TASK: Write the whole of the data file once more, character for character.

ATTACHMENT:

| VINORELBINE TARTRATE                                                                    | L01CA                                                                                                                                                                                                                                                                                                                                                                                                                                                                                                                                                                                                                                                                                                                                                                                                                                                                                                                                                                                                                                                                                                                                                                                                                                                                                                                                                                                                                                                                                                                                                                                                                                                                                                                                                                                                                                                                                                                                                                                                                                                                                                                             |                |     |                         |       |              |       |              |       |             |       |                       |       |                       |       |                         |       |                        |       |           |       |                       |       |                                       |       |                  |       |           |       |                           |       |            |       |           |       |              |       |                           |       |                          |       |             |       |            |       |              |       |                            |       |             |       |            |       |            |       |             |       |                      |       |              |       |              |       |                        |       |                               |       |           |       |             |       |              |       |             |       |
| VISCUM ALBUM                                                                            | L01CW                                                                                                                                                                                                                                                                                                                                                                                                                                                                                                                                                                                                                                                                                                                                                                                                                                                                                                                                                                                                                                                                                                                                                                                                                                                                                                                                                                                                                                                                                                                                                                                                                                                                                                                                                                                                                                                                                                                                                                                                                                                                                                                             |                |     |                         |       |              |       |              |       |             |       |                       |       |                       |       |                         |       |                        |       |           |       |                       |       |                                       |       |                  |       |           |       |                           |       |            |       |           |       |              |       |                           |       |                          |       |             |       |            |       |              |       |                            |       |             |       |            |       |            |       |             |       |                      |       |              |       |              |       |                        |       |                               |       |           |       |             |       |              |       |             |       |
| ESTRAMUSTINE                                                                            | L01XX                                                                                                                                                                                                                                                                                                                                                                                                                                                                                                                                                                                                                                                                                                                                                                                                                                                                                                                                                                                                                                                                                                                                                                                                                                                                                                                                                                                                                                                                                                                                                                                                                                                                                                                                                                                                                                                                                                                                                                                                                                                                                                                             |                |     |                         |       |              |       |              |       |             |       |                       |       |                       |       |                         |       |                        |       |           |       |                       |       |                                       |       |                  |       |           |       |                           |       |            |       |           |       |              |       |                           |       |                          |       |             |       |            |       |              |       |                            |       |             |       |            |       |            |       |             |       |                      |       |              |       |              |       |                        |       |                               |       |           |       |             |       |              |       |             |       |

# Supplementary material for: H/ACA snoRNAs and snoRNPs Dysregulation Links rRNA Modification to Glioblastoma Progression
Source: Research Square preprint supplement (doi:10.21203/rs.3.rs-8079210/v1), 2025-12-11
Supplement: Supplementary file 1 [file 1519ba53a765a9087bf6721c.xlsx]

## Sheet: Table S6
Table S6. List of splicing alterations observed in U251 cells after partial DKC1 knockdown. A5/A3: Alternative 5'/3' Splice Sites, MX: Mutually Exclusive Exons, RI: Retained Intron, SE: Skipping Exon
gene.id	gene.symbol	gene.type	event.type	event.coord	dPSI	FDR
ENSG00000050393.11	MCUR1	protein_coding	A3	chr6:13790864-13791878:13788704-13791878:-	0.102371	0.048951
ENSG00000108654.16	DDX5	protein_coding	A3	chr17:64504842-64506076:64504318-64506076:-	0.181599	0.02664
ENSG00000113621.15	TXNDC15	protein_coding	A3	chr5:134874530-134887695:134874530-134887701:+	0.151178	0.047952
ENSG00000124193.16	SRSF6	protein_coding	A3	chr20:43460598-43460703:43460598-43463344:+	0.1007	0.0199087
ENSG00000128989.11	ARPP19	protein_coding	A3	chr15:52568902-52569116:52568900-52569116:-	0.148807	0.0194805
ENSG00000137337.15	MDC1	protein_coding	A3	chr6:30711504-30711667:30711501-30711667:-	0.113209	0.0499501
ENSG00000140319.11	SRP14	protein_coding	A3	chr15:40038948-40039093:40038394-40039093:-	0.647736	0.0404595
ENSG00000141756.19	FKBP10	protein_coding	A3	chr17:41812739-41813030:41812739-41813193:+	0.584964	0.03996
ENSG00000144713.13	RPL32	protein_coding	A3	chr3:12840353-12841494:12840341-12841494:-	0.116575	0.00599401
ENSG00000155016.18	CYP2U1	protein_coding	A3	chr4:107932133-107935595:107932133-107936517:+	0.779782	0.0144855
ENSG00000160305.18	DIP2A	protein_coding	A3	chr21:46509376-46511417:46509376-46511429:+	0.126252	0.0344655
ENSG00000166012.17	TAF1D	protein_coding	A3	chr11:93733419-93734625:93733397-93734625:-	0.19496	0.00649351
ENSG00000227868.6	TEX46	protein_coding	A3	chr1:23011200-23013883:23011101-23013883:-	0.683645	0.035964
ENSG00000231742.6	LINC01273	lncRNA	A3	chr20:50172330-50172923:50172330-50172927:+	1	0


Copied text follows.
| VINORELBINE TARTRATE                                                                    | L01CA                                                                                                                                                                                                                                                                                                                                                                                                                                                                                                                                                                                                                                                                                                                                                                                                                                                                                                                                                                                                                                                                                                                                                                                                                                                                                                                                                                                                                                                                                                                                                                                                                                                                                                                                                                                                                                                                                                                                                                                                                                                                                                                             |                |     |                         |       |              |       |              |       |             |       |                       |       |                       |       |                         |       |                        |       |           |       |                       |       |                                       |       |                  |       |           |       |                           |       |            |       |           |       |              |       |                           |       |                          |       |             |       |            |       |              |       |                            |       |             |       |            |       |            |       |             |       |                      |       |              |       |              |       |                        |       |                               |       |           |       |             |       |              |       |             |       |
| VISCUM ALBUM                                                                            | L01CW                                                                                                                                                                                                                                                                                                                                                                                                                                                                                                                                                                                                                                                                                                                                                                                                                                                                                                                                                                                                                                                                                                                                                                                                                                                                                                                                                                                                                                                                                                                                                                                                                                                                                                                                                                                                                                                                                                                                                                                                                                                                                                                             |                |     |                         |       |              |       |              |       |             |       |                       |       |                       |       |                         |       |                        |       |           |       |                       |       |                                       |       |                  |       |           |       |                           |       |            |       |           |       |              |       |                           |       |                          |       |             |       |            |       |              |       |                            |       |             |       |            |       |            |       |             |       |                      |       |              |       |              |       |                        |       |                               |       |           |       |             |       |              |       |             |       |
| ESTRAMUSTINE                                                                            | L01XX                                                                                                                                                                                                                                                                                                                                                                                                                                                                                                                                                                                                                                                                                                                                                                                                                                                                                                                                                                                                                                                                                                                                                                                                                                                                                                                                                                                                                                                                                                                                                                                                                                                                                                                                                                                                                                                                                                                                                                                                                                                                                                                             |                |     |                         |       |              |       |              |       |             |       |                       |       |                       |       |                         |       |                        |       |           |       |                       |       |                                       |       |                  |       |           |       |                           |       |            |       |           |       |              |       |                           |       |                          |       |             |       |            |       |              |       |                            |       |             |       |            |       |            |       |             |       |                      |       |              |       |              |       |                        |       |                               |       |           |       |             |       |              |       |             |       |

# Supplementary material for: H/ACA snoRNAs and snoRNPs Dysregulation Links rRNA Modification to Glioblastoma Progression
Source: Research Square preprint supplement (doi:10.21203/rs.3.rs-8079210/v1), 2025-12-11
Supplement: Supplementary file 1 [file 1519ba53a765a9087bf6721c.xlsx]

## Sheet: Table S6
Table S6. List of splicing alterations observed in U251 cells after partial DKC1 knockdown. A5/A3: Alternative 5'/3' Splice Sites, MX: Mutually Exclusive Exons, RI: Retained Intron, SE: Skipping Exon
gene.id	gene.symbol	gene.type	event.type	event.coord	dPSI	FDR
ENSG00000050393.11	MCUR1	protein_coding	A3	chr6:13790864-13791878:13788704-13791878:-	0.102371	0.048951
ENSG00000108654.16	DDX5	protein_coding	A3	chr17:64504842-64506076:64504318-64506076:-	0.181599	0.02664
ENSG00000113621.15	TXNDC15	protein_coding	A3	chr5:134874530-134887695:134874530-134887701:+	0.151178	0.047952
ENSG00000124193.16	SRSF6	protein_coding	A3	chr20:43460598-43460703:43460598-43463344:+	0.1007	0.0199087
ENSG00000128989.11	ARPP19	protein_coding	A3	chr15:52568902-52569116:52568900-52569116:-	0.148807	0.0194805
ENSG00000137337.15	MDC1	protein_coding	A3	chr6:30711504-30711667:30711501-30711667:-	0.113209	0.0499501
ENSG00000140319.11	SRP14	protein_coding	A3	chr15:40038948-40039093:40038394-40039093:-	0.647736	0.0404595
ENSG00000141756.19	FKBP10	protein_coding	A3	chr17:41812739-41813030:41812739-41813193:+	0.584964	0.03996
ENSG00000144713.13	RPL32	protein_coding	A3	chr3:12840353-12841494:12840341-12841494:-	0.116575	0.00599401
ENSG00000155016.18	CYP2U1	protein_coding	A3	chr4:107932133-107935595:107932133-107936517:+	0.779782	0.0144855
ENSG00000160305.18	DIP2A	protein_coding	A3	chr21:46509376-46511417:46509376-46511429:+	0.126252	0.0344655
ENSG00000166012.17	TAF1D	protein_coding	A3	chr11:93733419-93734625:93733397-93734625:-	0.19496	0.00649351
ENSG00000227868.6	TEX46	protein_coding	A3	chr1:23011200-23013883:23011101-23013883:-	0.683645	0.035964
ENSG00000231742.6	LINC01273	lncRNA	A3	chr20:50172330-50172923:50172330-50172927:+	1	0